darwins game of life

As the semester is rapidly coming to a close I find myself still learning new lessons in OOP. Namely what the funky syntax is that I note on some constructors (initializer lists) and that I don’t fully understand the STL data structure.

When programing we like to have certain data be available to all of the instances of a class but have only one copy, in java this is easy, simply declare a static variable. In C++ the static variables exist but they operate in a slightly different way, namely they are ‘flavor’ or class specific so a subclass has a different static variable than the superclass. In C++ if you want the static instance to be nonchanging then you can declare it final and use the syntax <class>(<params>) : <name_of_static_final_var>(<value/variable>) { <other assignments and such>} this will have the net effect of assigning the variable/value to the static var. In java you can use static initializer blocks to do a rough equivalence to this.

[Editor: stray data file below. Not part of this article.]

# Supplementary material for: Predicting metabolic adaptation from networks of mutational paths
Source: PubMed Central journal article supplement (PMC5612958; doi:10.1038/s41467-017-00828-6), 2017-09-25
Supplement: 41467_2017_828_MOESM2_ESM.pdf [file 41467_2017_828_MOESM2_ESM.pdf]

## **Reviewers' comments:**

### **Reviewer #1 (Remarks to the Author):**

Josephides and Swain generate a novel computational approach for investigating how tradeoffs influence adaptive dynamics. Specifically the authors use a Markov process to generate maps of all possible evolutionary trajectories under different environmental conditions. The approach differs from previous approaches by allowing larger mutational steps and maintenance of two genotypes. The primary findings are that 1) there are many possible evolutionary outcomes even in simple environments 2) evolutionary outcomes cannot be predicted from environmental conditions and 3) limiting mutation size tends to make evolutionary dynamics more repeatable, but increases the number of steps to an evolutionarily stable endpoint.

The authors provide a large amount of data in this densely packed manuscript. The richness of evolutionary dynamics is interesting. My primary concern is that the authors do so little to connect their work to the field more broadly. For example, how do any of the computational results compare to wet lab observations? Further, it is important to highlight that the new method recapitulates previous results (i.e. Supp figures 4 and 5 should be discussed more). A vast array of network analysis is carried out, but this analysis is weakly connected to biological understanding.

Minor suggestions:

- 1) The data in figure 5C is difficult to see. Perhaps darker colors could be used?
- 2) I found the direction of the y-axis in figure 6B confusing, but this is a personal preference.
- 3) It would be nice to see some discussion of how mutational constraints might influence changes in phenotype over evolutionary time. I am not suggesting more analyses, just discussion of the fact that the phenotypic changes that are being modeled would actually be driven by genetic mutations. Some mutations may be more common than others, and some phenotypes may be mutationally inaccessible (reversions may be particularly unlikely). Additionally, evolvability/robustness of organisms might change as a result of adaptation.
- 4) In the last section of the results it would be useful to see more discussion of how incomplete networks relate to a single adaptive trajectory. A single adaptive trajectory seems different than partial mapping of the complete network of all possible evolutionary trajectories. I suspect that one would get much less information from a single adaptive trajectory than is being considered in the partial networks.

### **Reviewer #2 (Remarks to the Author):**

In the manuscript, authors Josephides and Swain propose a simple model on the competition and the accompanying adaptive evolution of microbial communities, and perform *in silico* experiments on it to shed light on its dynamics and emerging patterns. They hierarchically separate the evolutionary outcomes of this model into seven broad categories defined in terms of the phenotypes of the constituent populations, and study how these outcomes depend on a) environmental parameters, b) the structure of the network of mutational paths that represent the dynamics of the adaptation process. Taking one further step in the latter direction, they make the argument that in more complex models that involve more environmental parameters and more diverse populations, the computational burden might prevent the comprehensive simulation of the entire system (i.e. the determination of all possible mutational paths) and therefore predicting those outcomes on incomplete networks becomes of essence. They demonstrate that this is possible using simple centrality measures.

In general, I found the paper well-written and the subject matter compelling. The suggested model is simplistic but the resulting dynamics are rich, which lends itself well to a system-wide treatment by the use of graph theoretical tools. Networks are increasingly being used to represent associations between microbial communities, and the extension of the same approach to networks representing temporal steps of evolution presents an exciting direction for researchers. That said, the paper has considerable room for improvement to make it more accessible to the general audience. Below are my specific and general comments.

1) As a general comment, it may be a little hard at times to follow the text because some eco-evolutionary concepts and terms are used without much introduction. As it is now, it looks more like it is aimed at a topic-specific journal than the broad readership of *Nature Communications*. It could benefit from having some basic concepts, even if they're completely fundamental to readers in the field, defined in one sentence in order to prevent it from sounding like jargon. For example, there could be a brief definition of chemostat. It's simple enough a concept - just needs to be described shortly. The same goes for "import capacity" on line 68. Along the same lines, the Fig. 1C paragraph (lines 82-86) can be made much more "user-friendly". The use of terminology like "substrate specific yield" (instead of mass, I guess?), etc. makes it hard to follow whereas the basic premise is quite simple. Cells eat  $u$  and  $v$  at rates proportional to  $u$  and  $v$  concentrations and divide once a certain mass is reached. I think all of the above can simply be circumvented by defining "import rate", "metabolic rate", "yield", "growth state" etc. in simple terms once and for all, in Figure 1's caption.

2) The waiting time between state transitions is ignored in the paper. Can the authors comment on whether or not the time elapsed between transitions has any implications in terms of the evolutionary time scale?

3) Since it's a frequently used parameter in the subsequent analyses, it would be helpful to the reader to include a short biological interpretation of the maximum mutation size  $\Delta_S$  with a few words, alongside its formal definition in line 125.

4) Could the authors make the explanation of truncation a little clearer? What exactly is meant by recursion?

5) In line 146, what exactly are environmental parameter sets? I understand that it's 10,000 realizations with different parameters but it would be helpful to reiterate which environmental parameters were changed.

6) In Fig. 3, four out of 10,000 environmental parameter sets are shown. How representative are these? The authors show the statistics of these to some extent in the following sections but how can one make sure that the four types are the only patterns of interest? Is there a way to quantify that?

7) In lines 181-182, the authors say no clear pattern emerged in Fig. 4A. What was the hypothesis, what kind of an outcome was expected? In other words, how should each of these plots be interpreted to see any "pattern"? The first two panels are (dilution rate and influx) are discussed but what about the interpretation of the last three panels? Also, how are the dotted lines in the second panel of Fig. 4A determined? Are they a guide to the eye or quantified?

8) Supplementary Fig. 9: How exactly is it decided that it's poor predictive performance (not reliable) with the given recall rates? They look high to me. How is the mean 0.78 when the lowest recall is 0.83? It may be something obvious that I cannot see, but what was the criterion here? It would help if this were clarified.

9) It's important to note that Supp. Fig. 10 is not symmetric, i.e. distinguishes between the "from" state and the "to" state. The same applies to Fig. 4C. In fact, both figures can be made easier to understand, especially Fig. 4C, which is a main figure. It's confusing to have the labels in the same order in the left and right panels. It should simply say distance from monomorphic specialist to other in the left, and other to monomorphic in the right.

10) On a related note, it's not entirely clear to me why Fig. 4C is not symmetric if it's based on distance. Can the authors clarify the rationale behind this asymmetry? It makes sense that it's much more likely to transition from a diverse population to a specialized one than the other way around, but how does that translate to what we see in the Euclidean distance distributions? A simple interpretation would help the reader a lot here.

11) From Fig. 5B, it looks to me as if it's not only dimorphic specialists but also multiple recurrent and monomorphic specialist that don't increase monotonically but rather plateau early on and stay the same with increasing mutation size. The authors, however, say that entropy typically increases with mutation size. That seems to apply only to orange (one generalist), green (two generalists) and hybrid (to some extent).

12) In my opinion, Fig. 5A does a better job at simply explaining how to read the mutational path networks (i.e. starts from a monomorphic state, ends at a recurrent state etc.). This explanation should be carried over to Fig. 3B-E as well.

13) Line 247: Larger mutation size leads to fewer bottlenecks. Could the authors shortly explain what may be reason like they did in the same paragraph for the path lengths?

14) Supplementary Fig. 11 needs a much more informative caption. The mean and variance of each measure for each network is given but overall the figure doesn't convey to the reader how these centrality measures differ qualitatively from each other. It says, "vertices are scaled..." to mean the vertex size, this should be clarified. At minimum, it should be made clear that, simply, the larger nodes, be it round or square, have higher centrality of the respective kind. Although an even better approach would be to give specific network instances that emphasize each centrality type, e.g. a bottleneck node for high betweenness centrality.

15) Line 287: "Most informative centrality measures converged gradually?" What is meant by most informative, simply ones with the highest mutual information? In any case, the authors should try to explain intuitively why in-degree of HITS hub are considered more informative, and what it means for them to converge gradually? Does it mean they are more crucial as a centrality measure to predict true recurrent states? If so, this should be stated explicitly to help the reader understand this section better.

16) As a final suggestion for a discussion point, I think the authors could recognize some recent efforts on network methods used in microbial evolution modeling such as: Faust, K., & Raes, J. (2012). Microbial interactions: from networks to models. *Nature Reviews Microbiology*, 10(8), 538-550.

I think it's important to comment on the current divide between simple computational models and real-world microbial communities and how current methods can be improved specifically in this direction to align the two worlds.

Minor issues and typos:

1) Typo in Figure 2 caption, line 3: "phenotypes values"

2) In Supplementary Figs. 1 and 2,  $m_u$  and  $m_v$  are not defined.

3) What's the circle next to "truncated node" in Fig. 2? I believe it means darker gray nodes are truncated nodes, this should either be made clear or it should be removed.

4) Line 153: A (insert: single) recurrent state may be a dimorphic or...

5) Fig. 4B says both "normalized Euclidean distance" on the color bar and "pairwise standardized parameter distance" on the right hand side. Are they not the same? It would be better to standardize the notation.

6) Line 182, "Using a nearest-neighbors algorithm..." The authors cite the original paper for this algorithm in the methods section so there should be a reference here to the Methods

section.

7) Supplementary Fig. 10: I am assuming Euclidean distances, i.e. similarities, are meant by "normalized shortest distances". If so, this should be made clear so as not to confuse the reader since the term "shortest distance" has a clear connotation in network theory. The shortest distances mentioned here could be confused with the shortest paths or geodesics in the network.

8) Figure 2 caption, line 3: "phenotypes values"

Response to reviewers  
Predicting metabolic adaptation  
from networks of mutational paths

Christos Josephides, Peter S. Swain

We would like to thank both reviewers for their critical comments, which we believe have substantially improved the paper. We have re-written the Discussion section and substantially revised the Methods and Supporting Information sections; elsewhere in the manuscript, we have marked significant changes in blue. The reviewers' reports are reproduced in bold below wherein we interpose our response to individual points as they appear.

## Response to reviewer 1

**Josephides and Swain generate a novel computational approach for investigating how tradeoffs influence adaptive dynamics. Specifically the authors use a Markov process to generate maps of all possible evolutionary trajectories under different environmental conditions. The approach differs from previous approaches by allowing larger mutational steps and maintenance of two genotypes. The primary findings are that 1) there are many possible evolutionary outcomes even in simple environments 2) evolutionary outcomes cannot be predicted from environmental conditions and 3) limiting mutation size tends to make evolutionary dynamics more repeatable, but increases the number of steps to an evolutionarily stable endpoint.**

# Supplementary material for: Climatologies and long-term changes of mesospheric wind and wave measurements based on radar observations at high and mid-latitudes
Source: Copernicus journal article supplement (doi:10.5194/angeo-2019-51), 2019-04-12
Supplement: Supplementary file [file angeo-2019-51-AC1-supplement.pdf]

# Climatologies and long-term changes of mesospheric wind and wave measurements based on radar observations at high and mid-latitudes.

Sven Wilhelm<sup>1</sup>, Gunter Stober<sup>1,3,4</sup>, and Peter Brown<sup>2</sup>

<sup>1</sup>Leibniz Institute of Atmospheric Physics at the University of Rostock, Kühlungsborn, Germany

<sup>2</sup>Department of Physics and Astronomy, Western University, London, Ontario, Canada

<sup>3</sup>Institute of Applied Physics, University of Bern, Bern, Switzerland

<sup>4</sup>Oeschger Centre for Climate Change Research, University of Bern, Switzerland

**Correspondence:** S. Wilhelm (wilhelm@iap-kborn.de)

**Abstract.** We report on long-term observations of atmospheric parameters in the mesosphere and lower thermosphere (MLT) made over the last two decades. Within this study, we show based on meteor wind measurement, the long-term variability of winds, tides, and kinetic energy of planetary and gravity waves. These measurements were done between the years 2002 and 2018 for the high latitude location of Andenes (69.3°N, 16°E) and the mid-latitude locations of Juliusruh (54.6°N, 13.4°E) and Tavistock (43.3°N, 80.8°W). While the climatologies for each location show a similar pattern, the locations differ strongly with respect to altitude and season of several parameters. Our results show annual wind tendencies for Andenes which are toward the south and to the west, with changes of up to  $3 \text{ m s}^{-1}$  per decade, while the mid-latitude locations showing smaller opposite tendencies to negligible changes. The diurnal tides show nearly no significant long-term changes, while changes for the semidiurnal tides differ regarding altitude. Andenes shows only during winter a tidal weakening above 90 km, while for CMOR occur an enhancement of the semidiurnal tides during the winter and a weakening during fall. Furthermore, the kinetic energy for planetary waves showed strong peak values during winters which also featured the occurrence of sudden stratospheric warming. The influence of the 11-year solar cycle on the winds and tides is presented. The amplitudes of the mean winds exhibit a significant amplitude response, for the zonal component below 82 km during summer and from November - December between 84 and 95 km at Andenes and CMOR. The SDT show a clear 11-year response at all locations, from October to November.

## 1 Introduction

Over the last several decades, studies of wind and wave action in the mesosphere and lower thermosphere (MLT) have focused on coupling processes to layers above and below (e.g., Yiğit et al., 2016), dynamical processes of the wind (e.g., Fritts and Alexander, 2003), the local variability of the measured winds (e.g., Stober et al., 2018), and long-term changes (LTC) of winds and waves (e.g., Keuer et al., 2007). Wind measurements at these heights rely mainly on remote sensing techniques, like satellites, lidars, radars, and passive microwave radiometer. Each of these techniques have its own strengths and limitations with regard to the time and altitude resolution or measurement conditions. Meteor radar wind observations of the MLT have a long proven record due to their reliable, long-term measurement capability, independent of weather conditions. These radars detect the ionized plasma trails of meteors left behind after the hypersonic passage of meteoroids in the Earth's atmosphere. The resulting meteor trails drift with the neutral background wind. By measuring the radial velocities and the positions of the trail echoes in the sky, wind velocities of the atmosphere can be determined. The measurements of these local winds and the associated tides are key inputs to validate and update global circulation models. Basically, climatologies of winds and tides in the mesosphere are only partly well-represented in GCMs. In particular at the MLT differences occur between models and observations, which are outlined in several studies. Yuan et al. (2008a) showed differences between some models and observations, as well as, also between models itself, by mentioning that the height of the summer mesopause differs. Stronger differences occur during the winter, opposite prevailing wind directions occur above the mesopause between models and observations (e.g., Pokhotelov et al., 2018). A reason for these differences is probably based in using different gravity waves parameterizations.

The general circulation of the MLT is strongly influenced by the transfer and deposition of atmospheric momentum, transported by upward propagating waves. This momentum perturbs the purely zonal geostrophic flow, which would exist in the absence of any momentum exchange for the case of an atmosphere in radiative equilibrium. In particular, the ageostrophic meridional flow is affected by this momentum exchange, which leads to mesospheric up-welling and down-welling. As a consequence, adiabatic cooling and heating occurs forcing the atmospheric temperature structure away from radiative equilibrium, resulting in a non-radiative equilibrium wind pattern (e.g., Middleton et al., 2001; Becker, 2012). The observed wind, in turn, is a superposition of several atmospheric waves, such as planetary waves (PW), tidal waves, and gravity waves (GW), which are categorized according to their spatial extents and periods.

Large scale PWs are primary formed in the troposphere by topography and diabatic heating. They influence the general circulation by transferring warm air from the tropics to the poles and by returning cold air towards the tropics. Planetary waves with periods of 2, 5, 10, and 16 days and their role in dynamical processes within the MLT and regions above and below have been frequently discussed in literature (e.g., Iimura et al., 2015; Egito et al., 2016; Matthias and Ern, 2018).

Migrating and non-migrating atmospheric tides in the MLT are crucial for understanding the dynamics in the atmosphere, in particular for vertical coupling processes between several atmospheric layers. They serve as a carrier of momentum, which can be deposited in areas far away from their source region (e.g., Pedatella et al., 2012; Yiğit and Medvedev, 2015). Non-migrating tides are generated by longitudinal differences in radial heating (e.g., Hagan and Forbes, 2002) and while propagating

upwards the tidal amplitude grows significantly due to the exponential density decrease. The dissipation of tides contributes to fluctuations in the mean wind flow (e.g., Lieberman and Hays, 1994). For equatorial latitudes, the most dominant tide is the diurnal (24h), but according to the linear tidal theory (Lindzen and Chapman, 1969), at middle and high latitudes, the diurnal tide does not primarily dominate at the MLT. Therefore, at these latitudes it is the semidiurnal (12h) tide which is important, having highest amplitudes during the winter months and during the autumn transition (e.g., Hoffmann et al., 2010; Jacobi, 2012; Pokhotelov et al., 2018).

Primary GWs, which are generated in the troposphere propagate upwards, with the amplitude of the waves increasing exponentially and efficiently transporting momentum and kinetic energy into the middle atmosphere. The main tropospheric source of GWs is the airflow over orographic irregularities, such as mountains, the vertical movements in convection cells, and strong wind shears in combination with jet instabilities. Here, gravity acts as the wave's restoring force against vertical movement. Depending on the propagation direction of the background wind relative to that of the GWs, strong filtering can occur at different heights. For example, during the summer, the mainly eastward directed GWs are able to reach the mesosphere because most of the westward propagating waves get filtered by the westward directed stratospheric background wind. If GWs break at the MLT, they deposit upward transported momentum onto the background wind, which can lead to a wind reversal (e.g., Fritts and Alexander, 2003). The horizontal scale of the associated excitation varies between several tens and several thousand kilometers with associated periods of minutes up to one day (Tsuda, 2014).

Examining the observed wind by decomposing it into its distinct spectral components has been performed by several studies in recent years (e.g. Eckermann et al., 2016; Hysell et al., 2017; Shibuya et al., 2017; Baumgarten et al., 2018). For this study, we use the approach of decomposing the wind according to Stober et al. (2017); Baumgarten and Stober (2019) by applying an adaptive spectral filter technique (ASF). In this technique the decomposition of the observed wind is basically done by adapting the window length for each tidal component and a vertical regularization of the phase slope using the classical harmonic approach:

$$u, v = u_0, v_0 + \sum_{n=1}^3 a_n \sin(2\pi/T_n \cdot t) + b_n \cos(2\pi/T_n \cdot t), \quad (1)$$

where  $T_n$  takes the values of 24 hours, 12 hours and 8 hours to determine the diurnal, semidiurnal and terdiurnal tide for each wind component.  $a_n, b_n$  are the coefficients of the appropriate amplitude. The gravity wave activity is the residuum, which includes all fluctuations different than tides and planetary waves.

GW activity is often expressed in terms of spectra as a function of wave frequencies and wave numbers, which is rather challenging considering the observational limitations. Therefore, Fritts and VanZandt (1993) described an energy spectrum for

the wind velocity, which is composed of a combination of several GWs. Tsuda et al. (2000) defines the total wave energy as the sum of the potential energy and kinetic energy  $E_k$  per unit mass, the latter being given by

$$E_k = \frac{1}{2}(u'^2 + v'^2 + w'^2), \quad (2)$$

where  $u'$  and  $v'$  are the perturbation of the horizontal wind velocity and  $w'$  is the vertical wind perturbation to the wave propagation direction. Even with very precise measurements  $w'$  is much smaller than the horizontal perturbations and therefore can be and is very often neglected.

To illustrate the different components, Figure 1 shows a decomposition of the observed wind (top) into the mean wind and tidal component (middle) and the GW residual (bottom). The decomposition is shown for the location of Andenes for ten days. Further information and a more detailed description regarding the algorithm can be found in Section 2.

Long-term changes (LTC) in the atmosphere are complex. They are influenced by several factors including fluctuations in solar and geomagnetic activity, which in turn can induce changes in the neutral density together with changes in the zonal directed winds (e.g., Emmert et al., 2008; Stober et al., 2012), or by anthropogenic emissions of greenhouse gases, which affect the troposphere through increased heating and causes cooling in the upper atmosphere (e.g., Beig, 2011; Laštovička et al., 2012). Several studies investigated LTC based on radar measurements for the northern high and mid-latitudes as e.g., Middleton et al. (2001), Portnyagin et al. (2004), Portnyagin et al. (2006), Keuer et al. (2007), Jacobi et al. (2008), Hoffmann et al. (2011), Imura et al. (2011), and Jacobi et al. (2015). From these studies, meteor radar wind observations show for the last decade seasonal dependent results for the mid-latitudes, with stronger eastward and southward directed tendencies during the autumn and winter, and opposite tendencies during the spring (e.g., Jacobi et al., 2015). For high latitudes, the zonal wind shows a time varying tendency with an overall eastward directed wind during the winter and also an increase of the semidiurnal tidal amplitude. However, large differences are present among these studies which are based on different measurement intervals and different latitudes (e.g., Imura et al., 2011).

In working with the STL libraries my partner and I ran into an interesting issue, we wanted the board to store the creatures and we wanted to be able to move the creatures easily, as well as not have a state explosion if the population of valid creatures was small(as it normally is with respect to the board). So our first approach was to make a vector for storage and use the pointers to the elements of the vector, however after much frustration we realized that push_back can cause the vector to grow and it might but will not always change the addresses of the elements. What was curious was that on a 32 bit machine all was well, on a 64 bit machine we failed some unit tests, however if we ran the program in valgrind everything worked fine. This goes to show that some compilers helping you out can cause a lot of frustration in the long run because they effectively mask the real problem at play.

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